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From the World Heritage inscription:
The urban layout and architecture of Tlacotalpan represent a fusion of Spanish and Caribbean traditions of exceptional importance and quality. It is a Spanish colonial river port on the Gulf Coast of Mexico which has preserved its original urban fabric to an exceptional degree. Its outstanding character lies in its townscape of wide streets, modest houses in an exuberant variety of styles and colours, and many mature trees in public and private open spaces.
As an interior riverine port, Tlacotalpan is a rare form of urban settlement in Latin America. It is laid out on a chequerboard pattern, covering some 1,550 m by 520 m, and is divided into two distinct sectors. The larger of these, to the west, is the ‘Spanish’ quarter and the smaller, to the east, is the ‘native’ quarter. At their junction there is an irregularly shaped ‘public’ sector, where public open spaces and official and commercial buildings are located. The plan of the western part is orientated on seven main streets running east-west parallel to the river, and are intersected by narrow lanes.
The ethnic origins of the pre-Hispanic people inhabiting the region to the north and north-east of Tlacotalpan are not fully understood. However, the names of the river Papaloapan (Butterfly River) and other settlements nearby are Nahuatl, which suggests that it was under Aztec domination. The present name of the town is a Spanish version of Tlaxcotaliapan (‘Land between the Waters’), the name of the island where the initial settlement was established; following modification of the north bank of the river, it was joined to the mainland. The mouth of the Papaloapan River was discovered by Juan de Grijalba in 1518. Pedro de Alvarado sailed up it and in 1521 Cortés sent Gonzalo de Sandoval to find gold.
The site of Tlacotalpan formed part of an enormous grant of land made around 1550 by the Spanish King to Gaspar Rivadeneyra, on which he kept livestock. He was unable to prevent the establishment of a village of fishermen on the site of the present-day town, but he obliged them to build a chapel dedicated to La Virgen de la Candelaria.
Tlacotalpan is situated approximately 2 hours south of the city of Veracruz on the cost of the Gulf of Mexico. It is a nice enough town that doesn’t seem to get nearly as much tourism as other world heritage level cities in Mexico. It also seems to lack the gravitas that most world heritage cities have.
The most obvious feature in the town is the colorfully painted houses you will see around town. You can see bright pinks, purples, and blues on almost every street.
I’d say this site is only of real interest to those who are very much into Mexican culture or are world heritage hunters like myself.
The Historic Monuments Zone of Tlacotalpan is a cultural UNESCO World Heritage Site in Mexico. It was inscribed into the UNESCO list in 1998 as a colonial and urban landscape. This historic area represents the townscape that is linked to a Spanish colonial river port. The town is filled with many single-story buildings that feature Caribbean architectural style – filled with lots of vibrant colors.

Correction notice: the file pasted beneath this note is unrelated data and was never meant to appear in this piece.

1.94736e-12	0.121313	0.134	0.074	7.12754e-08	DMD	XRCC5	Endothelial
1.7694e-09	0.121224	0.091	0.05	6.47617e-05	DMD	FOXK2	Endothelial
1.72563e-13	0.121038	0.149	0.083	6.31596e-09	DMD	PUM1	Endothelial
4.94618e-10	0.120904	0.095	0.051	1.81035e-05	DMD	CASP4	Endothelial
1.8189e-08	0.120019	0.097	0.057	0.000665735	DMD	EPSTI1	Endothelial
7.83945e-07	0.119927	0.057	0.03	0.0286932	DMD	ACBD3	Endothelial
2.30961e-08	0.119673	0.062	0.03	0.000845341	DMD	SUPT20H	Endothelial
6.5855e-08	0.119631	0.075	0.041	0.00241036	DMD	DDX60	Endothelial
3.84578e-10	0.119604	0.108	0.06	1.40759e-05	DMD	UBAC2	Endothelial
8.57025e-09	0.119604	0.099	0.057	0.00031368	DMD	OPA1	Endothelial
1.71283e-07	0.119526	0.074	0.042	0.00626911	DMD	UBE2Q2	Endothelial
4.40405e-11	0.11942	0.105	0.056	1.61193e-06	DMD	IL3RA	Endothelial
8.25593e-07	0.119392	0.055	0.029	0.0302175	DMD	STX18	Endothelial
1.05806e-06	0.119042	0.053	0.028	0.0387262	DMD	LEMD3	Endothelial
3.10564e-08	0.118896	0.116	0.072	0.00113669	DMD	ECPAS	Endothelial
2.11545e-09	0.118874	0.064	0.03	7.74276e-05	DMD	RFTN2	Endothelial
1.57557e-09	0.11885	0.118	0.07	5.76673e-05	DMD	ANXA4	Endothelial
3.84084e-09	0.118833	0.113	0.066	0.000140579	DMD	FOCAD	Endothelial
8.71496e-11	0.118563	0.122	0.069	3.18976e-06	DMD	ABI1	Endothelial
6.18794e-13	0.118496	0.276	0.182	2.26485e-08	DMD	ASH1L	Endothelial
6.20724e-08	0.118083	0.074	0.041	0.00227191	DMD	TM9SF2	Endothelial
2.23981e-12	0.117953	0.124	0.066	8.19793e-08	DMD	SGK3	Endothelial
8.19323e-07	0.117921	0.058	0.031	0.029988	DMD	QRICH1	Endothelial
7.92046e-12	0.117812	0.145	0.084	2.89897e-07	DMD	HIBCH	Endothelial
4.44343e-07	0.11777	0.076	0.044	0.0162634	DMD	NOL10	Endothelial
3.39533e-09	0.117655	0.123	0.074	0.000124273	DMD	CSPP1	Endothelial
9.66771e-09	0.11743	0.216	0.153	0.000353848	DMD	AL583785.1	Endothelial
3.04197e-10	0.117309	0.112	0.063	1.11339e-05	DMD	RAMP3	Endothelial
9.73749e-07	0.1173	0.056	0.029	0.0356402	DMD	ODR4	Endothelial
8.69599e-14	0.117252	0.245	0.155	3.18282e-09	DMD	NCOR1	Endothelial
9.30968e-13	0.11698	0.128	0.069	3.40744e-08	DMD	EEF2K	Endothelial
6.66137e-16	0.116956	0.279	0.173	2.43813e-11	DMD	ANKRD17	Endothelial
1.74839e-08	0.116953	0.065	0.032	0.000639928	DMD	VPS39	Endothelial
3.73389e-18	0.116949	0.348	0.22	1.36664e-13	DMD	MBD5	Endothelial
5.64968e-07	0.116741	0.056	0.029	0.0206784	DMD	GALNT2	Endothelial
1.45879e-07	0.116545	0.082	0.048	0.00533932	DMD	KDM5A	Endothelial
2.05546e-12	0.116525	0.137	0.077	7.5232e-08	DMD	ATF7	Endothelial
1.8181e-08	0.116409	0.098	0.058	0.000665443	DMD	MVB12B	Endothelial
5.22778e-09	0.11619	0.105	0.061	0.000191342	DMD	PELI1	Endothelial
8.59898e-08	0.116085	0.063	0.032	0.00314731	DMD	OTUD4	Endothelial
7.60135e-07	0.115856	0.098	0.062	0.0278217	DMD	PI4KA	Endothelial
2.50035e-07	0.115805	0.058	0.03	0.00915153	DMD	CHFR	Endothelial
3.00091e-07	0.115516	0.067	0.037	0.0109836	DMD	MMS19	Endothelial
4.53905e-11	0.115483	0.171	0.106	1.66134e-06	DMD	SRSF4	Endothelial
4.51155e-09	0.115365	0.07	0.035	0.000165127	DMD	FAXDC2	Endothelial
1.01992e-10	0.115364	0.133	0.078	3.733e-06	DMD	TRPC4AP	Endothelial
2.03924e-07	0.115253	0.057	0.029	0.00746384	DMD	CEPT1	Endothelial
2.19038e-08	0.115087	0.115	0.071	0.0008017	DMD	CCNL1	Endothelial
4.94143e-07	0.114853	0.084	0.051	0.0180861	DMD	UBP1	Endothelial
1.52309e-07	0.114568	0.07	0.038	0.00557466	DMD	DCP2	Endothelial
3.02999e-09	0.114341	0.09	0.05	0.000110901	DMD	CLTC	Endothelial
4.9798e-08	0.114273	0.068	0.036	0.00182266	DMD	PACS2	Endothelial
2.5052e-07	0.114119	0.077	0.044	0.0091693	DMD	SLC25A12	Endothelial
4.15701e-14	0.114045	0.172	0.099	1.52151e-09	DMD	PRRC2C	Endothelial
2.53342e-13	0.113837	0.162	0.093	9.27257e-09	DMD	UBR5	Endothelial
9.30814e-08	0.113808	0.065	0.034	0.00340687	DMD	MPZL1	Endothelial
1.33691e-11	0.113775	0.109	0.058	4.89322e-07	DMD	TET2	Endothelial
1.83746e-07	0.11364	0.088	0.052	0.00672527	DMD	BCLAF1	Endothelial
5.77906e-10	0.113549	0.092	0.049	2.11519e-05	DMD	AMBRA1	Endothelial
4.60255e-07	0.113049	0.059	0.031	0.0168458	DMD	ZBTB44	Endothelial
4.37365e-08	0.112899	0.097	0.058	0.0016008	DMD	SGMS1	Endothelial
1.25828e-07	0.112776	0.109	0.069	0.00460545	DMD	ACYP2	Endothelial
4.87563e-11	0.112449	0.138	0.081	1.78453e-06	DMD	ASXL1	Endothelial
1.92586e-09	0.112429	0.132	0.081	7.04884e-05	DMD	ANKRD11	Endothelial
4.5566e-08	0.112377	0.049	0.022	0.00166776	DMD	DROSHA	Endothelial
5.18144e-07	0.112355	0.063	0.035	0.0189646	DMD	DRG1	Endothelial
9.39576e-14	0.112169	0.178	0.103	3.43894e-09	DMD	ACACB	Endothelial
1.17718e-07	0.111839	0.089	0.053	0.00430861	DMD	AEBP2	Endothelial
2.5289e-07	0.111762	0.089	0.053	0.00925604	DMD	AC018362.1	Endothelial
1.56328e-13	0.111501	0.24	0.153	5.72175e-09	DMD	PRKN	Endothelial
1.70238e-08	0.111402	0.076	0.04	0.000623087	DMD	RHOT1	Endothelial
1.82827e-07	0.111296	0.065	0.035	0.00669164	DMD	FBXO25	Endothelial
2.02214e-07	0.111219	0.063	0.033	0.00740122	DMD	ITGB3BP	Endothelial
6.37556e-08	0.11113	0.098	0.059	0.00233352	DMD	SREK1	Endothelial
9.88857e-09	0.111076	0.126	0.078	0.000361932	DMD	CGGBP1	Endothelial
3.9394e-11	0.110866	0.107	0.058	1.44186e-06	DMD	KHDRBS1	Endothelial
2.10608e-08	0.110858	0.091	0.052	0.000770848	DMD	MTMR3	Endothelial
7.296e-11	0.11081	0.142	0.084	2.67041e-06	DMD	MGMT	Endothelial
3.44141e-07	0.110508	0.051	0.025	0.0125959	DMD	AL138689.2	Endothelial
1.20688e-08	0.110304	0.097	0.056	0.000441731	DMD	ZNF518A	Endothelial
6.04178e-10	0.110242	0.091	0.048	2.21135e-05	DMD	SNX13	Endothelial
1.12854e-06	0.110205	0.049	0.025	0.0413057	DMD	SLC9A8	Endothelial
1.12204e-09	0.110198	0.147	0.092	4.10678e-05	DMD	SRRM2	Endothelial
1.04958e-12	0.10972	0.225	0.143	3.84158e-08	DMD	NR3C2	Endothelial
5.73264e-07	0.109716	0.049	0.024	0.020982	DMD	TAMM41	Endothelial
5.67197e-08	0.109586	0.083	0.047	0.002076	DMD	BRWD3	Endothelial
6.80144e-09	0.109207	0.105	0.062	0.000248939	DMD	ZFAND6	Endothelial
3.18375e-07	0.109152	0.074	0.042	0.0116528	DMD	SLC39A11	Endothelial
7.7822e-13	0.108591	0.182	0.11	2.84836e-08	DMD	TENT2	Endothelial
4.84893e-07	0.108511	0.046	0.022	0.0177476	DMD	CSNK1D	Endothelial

The ton of Tlacotalpan is located along the banks of the river. It was established in the mid-16th century. The town follows a checkerboard style and is divided into separate quarters that are designated for the natives and Spaniards.
About the Historic Monuments Zone of Tlacotalpan
The Historic Monuments Zone of Tlacotalpan is an urban landscape known for its grid pattern. This mid-16th-century town is composed of wide streets that are lined with colonnaded houses that depict the Caribbean architectural style. The public parks are part of the town layout and they are filled with several mature trees. Aside from the parks, there are plenty of private gardens and open spaces all throughout.
The town of Tlacotalpan was first settled by the Spaniards in the 1550s but it reached its peak during the 19th century. The surviving ensemble of the Historic Monuments Zone of Tlacotalpan is made up of 153 blocks within a 75-hectare land area. The Spanish Quarter is located on the west and the Native Quarter is located on the east. These two quarters form the distinct sectors of the Historic Monuments Zone of Tlacotalpan. Within the intersection of the two quarters, you will find civic buildings that are made with irregularly shaped layouts.
In 1821, Tlacotalpan gained economic independence from its colonizers. This was also the same time when the port was opened such that products from Puebla and Oaxaca were brought into the town. From there, the products are shipped to other parts of the world such as Havana, Bordeaux, New Orleans, and Veracruz.
The colonial feel of the Historic Monuments Zone of Tlacotalpan is evident on the streets that are filled with arched porticos. Aside from the arches on the streets, the town also exhibits a high concentration of historic buildings that provide a sense of architectural harmony. The basic vernacular style homes are not uncommon in many towns along the Gulf of Mexico; however, the single-story houses in Tlacotalpan are what make it unique.
View my complete list of UNESCO World Heritage Sites in Mexico.
View my complete list of UNESCO World Heritage Sites.